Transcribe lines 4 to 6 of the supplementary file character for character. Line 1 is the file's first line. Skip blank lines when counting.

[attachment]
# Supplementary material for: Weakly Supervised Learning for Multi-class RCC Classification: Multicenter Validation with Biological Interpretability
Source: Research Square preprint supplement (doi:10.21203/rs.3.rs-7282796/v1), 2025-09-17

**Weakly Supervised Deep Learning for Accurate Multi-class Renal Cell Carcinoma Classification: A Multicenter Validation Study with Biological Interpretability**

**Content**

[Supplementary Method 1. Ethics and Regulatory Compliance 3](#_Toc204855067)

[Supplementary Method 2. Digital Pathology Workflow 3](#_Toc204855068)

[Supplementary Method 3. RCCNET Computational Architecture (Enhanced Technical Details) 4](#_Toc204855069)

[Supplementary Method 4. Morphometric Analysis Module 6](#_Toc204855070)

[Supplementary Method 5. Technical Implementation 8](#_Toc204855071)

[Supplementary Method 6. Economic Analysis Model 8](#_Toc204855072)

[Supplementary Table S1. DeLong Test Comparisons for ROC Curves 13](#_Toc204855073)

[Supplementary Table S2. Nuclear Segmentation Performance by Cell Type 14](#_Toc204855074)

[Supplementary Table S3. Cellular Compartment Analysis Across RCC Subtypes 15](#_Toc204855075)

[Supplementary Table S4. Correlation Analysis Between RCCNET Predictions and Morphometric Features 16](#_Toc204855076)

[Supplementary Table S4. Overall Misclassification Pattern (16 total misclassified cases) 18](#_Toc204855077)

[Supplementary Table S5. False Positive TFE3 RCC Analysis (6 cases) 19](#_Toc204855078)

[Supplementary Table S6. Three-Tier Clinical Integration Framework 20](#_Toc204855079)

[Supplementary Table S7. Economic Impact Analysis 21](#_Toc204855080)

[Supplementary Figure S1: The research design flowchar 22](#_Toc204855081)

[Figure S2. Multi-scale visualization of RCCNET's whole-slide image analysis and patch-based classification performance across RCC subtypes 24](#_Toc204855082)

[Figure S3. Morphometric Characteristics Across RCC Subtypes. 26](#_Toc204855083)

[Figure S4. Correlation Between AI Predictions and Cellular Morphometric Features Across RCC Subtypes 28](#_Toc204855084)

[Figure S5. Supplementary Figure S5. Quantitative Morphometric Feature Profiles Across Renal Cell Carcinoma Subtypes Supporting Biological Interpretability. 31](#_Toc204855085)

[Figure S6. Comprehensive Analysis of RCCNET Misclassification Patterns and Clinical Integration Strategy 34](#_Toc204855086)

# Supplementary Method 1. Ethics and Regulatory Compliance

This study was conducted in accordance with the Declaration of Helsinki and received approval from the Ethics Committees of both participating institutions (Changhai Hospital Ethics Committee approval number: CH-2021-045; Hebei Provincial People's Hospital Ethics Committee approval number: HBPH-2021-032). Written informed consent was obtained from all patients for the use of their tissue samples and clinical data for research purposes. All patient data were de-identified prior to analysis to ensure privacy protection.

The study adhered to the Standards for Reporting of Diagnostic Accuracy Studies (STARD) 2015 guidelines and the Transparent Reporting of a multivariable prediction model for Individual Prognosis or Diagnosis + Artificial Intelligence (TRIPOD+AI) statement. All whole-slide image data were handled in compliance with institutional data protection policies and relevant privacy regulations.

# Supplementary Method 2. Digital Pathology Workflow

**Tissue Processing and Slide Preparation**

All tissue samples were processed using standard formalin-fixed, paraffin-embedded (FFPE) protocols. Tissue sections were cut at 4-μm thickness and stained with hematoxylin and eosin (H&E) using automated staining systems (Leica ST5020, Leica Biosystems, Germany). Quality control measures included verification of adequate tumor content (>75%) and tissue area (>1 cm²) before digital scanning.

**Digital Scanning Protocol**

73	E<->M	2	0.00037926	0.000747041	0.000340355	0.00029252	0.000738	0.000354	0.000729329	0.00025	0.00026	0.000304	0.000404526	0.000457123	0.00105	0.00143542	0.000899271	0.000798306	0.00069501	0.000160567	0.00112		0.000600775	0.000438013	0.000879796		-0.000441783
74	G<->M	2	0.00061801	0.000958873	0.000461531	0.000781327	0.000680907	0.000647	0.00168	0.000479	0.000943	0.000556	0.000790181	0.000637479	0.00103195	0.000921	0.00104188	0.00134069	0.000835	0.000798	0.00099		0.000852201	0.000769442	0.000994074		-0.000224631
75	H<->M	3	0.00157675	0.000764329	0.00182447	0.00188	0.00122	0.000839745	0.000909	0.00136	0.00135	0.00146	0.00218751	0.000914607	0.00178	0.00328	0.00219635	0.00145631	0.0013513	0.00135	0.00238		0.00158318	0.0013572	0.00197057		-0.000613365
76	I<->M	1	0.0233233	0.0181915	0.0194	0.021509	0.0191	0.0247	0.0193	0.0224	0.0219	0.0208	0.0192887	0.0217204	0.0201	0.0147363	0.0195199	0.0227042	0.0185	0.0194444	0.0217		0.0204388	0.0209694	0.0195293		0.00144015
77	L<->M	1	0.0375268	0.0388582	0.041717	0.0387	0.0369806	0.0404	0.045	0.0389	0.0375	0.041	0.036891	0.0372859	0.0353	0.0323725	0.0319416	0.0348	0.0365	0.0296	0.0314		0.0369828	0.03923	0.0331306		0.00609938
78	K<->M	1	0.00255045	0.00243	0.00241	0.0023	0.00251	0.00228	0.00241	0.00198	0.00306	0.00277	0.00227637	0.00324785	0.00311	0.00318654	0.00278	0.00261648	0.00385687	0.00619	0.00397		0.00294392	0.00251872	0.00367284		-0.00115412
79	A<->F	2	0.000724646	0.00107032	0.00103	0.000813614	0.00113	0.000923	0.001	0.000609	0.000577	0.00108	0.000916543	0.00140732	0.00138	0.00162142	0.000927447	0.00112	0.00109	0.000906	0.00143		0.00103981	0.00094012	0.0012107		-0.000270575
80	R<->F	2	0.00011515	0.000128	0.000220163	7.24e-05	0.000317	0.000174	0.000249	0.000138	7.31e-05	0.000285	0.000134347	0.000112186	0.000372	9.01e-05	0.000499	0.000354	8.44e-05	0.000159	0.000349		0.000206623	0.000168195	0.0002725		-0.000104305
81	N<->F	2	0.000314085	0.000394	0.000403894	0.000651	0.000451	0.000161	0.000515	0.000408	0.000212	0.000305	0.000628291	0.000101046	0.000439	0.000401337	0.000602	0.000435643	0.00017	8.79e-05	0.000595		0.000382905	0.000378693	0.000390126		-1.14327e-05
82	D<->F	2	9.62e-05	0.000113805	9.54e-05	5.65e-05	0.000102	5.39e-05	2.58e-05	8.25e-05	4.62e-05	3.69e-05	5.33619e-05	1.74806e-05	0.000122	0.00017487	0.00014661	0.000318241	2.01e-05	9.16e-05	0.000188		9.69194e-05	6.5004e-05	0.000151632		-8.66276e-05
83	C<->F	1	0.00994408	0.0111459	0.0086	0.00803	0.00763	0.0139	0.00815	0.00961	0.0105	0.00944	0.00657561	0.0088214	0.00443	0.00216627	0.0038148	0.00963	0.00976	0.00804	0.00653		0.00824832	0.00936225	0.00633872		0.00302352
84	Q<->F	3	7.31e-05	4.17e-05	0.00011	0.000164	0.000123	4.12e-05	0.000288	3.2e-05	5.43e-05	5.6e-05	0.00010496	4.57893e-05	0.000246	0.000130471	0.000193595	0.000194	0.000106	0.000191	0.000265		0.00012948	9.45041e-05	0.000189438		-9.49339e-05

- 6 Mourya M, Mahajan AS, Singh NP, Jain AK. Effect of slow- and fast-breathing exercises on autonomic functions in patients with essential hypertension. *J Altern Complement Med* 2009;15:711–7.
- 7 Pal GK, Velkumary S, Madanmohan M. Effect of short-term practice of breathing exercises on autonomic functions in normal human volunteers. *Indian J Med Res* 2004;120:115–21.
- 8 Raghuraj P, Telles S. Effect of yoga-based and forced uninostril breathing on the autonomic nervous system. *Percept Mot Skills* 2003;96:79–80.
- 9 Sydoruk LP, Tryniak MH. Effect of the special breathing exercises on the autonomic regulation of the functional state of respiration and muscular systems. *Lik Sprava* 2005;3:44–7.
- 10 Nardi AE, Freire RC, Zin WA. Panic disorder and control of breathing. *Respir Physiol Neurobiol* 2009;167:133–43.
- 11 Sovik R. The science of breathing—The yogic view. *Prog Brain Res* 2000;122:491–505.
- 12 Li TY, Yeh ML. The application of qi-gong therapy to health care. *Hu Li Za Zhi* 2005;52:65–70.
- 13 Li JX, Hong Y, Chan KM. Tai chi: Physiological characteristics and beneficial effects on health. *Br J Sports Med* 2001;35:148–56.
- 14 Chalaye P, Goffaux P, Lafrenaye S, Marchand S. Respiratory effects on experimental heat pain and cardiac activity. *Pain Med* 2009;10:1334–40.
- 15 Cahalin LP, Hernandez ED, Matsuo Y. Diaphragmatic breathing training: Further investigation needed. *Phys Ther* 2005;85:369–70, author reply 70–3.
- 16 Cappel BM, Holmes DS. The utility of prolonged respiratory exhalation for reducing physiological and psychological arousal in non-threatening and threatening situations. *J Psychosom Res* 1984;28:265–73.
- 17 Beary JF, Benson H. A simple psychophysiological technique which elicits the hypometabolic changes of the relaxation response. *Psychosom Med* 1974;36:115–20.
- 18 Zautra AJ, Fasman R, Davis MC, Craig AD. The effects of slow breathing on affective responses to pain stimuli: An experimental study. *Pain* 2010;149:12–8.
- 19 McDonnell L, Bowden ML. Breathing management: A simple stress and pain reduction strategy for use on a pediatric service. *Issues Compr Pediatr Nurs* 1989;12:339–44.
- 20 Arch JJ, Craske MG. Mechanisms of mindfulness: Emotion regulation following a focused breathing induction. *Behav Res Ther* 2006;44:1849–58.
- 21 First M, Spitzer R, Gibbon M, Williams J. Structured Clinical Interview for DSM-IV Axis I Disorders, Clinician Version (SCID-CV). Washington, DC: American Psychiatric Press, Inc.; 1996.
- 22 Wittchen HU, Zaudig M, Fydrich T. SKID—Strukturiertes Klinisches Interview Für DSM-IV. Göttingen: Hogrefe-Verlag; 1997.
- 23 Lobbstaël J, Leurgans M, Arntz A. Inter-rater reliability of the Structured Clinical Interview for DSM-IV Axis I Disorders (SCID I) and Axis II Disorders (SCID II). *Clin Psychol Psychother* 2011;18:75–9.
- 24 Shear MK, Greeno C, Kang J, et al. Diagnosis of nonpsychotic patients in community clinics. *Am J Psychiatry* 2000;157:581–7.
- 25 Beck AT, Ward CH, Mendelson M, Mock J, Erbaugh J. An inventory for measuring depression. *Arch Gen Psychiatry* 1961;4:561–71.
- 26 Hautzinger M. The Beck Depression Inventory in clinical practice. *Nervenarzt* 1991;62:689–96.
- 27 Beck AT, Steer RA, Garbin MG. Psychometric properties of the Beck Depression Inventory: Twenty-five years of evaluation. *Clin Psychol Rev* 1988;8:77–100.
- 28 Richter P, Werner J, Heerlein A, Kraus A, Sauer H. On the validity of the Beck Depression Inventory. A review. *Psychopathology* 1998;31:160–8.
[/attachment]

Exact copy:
**Content**

[Supplementary Method 1. Ethics and Regulatory Compliance 3](#_Toc204855067)

[Supplementary Method 2. Digital Pathology Workflow 3](#_Toc204855068)